Braking power has always been an important aspect to me from the beginning. If you have a fast car, you better hope your brakes can stop you even faster. Stainless steel brake lines are a no-brainer when it comes to upgrading your overall braking efficiency and performance.
This particular set is the Goodridge Phantom Stainless Steel brake line kit, they are higher quality, but as a result, slightly more expensive. However, this installation tutorial will work for other brands of brake lines, so feel free to look for other brands that may better suit your needs.
There are a couple of things worth mentioning when it comes to the install. As in all of these videos, I try to make the installations as professional as possible. What this means is, sometimes it's not as easy as it seems on film.
The number one concern I have for you guys when doing this yourself is the 10 mm nut that holds the hard line to the brake line: It is extremely hard to break loose. Some people have used alternate methods to break the nut loose. I've read that people have been using vice grips, and extreme heat. Basically, it's so hard to break loose that the 10 mm flare wrench actually strips the nut, making it completely impossible to remove.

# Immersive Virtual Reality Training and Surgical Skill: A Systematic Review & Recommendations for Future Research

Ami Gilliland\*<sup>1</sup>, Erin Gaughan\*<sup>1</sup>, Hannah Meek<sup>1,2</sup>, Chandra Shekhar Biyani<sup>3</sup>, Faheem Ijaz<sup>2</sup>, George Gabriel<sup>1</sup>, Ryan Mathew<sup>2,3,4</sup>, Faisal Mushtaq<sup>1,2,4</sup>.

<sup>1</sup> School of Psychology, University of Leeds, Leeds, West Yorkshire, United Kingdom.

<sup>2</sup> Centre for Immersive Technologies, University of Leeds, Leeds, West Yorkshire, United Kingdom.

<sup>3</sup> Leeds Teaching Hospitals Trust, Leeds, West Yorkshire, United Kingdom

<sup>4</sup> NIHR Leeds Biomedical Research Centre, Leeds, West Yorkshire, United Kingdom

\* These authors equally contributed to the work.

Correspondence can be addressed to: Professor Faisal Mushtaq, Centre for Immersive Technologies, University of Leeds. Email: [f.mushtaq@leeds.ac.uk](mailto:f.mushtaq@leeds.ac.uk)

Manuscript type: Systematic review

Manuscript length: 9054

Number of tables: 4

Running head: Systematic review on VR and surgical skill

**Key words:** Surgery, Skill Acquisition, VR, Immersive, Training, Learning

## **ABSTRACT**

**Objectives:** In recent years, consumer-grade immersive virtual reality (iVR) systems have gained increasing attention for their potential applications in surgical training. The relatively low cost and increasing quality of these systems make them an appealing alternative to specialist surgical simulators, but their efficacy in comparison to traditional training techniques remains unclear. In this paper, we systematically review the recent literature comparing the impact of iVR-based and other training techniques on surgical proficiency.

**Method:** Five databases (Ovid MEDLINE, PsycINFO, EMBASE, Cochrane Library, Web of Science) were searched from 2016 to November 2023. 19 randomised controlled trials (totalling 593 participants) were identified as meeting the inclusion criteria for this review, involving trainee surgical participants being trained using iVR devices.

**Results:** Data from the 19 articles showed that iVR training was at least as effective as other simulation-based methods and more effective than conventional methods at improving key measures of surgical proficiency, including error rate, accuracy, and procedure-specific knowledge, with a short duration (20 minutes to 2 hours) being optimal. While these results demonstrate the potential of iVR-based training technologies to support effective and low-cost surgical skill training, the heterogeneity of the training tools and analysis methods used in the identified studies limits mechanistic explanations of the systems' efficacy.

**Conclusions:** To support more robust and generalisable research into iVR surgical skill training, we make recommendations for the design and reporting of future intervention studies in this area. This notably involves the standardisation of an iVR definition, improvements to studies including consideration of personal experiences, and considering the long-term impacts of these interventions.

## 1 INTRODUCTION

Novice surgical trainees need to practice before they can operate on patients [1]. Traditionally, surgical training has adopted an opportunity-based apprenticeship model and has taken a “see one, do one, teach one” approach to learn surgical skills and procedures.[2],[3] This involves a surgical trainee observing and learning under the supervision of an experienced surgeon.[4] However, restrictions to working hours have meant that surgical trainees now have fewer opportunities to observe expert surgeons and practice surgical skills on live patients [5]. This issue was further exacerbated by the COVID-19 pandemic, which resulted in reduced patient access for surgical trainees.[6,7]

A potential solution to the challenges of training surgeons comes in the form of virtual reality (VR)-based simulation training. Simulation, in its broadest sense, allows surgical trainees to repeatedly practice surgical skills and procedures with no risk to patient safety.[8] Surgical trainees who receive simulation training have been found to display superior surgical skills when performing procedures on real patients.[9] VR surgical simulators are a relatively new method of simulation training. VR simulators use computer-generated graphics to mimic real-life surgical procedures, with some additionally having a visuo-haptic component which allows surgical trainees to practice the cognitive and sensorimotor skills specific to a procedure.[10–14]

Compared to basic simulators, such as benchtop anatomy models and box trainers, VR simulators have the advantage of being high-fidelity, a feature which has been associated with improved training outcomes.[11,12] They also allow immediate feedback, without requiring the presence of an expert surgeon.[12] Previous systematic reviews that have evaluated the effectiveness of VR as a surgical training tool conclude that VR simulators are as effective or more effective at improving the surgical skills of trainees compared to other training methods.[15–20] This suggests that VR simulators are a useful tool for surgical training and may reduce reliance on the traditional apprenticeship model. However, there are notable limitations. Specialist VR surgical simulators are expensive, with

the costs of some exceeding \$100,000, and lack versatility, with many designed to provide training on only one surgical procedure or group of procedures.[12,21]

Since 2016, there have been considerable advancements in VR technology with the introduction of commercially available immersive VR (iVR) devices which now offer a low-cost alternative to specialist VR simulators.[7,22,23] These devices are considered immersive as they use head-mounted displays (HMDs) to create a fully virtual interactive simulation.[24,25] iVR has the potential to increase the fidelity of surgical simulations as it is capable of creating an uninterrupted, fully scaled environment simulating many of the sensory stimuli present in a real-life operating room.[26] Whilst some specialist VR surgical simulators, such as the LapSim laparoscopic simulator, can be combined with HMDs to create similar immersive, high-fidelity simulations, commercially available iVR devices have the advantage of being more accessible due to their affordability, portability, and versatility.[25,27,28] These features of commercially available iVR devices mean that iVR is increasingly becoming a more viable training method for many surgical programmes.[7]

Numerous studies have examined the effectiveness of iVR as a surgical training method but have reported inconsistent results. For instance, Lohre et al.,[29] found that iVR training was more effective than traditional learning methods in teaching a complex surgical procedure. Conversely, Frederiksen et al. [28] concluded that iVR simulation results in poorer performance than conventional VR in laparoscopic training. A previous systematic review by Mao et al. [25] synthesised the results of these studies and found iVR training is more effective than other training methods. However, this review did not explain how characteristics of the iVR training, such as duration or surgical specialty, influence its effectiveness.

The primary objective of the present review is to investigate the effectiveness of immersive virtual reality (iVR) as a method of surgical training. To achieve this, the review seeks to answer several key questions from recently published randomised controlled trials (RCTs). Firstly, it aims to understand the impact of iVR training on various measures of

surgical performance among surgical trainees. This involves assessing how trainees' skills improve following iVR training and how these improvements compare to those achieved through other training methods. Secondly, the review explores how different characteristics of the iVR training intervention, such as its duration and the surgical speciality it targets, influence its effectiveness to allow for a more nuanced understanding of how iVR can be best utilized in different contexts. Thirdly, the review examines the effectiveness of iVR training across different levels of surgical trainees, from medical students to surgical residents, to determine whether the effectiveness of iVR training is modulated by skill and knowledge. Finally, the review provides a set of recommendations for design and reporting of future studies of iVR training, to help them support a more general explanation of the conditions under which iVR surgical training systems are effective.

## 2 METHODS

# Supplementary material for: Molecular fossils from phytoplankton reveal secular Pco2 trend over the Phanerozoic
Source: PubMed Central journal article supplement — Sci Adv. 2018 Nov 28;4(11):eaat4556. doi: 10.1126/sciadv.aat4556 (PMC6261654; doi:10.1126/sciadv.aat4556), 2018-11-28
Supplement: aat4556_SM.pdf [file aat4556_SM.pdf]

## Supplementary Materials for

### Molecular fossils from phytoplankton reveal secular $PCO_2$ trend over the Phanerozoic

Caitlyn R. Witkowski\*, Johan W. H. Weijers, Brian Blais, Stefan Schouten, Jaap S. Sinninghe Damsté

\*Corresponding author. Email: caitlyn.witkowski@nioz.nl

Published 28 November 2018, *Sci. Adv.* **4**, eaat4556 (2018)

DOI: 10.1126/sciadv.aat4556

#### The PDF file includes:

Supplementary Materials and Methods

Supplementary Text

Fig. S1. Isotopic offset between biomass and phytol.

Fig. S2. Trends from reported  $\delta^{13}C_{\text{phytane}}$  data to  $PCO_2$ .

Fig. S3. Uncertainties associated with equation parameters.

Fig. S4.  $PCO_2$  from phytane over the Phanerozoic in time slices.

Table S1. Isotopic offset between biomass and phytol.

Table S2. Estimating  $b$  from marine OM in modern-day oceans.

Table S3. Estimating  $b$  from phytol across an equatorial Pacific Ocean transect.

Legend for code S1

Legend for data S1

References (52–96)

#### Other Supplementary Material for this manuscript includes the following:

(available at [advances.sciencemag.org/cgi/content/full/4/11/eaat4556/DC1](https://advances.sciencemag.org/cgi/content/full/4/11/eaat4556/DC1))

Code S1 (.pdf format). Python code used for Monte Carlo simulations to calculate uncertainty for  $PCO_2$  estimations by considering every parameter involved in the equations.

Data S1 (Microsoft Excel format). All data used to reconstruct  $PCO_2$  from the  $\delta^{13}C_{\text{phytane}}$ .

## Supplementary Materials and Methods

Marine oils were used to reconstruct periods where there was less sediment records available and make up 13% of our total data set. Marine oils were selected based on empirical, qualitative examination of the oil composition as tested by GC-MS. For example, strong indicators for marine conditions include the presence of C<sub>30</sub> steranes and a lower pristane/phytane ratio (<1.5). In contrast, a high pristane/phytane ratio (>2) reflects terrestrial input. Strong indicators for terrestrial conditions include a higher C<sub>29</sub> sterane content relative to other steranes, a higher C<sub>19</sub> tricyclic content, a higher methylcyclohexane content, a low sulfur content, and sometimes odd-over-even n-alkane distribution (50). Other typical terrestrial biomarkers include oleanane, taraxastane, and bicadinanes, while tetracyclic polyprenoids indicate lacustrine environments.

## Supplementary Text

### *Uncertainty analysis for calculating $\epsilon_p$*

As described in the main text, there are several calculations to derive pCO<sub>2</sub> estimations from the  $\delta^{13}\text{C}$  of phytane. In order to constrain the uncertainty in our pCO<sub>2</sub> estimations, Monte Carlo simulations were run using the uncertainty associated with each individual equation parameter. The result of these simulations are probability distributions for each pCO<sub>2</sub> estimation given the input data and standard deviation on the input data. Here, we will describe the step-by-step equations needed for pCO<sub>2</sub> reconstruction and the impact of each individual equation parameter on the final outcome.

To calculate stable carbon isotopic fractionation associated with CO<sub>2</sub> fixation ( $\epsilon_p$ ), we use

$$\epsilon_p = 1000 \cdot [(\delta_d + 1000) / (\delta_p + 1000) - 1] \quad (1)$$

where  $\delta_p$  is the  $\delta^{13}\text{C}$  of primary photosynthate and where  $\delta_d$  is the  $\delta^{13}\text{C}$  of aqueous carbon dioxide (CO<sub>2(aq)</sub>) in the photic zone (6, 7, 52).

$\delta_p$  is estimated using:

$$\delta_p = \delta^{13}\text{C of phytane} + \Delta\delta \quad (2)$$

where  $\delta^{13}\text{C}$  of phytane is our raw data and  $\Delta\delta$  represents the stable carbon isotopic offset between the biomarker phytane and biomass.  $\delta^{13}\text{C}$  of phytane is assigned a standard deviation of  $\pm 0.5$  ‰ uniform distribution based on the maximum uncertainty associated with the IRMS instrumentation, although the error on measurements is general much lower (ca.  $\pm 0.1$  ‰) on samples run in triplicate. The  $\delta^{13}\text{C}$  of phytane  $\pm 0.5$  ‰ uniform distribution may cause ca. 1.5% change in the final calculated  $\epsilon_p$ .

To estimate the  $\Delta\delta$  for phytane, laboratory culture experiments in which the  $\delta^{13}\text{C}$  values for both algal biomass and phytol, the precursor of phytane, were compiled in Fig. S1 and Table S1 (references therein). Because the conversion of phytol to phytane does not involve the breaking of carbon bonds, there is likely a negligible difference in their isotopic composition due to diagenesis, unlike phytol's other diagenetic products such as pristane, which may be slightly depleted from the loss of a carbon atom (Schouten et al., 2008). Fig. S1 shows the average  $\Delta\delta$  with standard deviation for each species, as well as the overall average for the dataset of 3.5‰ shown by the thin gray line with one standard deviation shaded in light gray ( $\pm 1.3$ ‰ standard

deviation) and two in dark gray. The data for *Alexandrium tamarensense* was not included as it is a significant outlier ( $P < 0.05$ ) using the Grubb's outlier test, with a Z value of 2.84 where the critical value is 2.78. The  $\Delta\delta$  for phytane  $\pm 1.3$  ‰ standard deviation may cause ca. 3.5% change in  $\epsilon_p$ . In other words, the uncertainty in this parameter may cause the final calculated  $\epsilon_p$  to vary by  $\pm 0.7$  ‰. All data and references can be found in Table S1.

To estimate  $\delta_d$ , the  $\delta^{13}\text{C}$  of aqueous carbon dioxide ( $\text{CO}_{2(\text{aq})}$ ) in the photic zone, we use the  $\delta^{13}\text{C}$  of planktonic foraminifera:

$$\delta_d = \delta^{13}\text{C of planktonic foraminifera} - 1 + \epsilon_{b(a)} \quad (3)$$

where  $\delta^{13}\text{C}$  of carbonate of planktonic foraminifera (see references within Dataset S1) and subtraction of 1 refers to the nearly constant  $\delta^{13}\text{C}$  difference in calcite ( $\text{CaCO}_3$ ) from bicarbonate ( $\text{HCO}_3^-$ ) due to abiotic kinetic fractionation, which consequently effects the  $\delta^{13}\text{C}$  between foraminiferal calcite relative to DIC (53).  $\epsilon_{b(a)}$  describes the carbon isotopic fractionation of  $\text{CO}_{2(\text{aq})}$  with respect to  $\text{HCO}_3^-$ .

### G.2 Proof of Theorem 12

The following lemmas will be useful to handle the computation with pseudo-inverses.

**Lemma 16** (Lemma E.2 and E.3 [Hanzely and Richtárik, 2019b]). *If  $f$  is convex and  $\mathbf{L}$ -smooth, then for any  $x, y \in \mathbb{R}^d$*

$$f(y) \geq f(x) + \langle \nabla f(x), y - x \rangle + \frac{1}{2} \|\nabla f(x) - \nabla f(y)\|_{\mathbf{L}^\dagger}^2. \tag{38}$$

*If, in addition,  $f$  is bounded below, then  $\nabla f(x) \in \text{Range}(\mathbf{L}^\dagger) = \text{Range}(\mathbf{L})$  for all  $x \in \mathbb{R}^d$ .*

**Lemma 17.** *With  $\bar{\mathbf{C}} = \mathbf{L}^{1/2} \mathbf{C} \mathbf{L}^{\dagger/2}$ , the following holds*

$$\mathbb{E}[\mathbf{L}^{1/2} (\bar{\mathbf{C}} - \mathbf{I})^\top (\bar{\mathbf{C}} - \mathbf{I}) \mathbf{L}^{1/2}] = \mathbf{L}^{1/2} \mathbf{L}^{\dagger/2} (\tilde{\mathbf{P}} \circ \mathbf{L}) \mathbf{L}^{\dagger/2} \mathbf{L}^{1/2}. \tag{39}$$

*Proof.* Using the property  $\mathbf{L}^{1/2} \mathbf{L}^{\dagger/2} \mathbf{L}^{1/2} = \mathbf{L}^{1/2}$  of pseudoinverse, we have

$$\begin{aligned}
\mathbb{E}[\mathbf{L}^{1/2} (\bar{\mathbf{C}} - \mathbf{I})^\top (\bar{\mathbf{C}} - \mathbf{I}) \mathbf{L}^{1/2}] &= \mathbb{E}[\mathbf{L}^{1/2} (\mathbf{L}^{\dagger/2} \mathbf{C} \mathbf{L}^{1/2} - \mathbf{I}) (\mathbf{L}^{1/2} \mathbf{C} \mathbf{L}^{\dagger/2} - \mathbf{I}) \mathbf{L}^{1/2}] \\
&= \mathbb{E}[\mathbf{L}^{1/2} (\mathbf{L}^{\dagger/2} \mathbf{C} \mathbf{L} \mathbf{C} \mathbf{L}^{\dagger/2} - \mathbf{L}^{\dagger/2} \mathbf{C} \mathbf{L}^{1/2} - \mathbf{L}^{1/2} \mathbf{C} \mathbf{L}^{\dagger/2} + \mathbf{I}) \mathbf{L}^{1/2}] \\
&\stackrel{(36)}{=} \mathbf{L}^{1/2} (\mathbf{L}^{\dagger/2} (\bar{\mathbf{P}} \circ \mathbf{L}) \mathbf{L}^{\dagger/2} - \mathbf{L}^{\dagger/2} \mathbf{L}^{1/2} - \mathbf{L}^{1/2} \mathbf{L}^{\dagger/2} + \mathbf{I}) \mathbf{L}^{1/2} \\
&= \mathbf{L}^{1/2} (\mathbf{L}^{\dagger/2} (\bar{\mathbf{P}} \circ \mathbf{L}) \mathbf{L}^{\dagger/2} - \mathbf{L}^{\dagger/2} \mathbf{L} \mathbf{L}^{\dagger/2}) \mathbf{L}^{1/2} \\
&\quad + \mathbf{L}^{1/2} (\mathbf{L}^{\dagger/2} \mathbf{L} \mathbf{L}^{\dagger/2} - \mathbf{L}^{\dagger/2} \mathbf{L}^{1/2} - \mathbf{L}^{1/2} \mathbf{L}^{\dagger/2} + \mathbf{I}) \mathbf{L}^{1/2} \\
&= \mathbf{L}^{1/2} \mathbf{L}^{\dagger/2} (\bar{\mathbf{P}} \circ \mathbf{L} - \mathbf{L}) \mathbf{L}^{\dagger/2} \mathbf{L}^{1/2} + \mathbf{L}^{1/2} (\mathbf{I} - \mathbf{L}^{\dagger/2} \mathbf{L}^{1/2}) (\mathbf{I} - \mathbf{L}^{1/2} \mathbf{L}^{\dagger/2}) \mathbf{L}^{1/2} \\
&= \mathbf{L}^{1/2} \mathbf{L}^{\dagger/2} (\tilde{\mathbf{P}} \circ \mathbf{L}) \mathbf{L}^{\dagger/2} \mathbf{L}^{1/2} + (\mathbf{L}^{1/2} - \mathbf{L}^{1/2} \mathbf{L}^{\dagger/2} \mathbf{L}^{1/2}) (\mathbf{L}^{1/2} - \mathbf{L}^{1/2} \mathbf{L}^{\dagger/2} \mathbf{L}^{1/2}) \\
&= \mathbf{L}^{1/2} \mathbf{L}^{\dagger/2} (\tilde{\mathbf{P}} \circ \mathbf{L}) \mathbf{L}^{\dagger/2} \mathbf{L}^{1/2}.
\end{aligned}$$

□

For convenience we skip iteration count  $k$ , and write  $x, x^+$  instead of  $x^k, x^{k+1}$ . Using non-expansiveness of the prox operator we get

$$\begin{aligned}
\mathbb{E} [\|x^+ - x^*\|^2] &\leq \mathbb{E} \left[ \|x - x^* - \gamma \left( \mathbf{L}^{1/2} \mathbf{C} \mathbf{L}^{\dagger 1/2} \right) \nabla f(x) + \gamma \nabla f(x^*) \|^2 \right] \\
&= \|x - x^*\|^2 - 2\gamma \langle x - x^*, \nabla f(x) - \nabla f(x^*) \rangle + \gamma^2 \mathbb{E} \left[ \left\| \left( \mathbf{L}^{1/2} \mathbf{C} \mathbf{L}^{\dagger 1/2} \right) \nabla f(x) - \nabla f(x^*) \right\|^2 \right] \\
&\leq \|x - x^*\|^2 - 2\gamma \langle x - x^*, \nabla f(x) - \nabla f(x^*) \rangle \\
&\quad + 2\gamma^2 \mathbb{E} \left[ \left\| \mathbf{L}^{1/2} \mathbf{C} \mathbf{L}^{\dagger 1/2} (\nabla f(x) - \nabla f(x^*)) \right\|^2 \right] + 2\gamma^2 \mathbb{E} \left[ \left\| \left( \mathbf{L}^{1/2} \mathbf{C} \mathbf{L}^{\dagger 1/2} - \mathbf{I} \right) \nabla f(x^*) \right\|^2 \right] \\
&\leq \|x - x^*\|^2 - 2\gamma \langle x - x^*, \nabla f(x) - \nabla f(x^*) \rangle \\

The front brake lines were much easier to remove because you could push the hardline upwards to work a cresent wrench on the brake line. Because both arms are pushing and pulling against each other, this was enough force to break it loose. The rear was slightly trickier since the hardline could not be pushed up. This meant you could only use the flare wrench. The WD-40 does help a bit it seems, but not as much as you would imagine.
If you are removing that nut the same way I am, just remember this: If you think you are using enough force, it's not enough. If you could find a flare wrench adaptor, and connect it to a breaker bar, you will break that nut loose in no time. Since Torque equals displacement multiplied by force, we can conclude that the longer your wrench, the easier it is to remove.
The only other thing I should mention is that the brake fluid leaks everywhere when you remove the lines. Take your time to do things right, but clean up the brake fluid as soon as you can. That stuff will eat through your paint, especially on your nice calipers.
After the installation, bleed your brakes (another episode), and check for any leaks. If everything looks good, take it out for a spin and feel how much more precise the braking becomes. I haven't had time to take it to the track or autocross yet, but even when the brake fluid isn't being worked out in racing mode, the braking feel is much improved.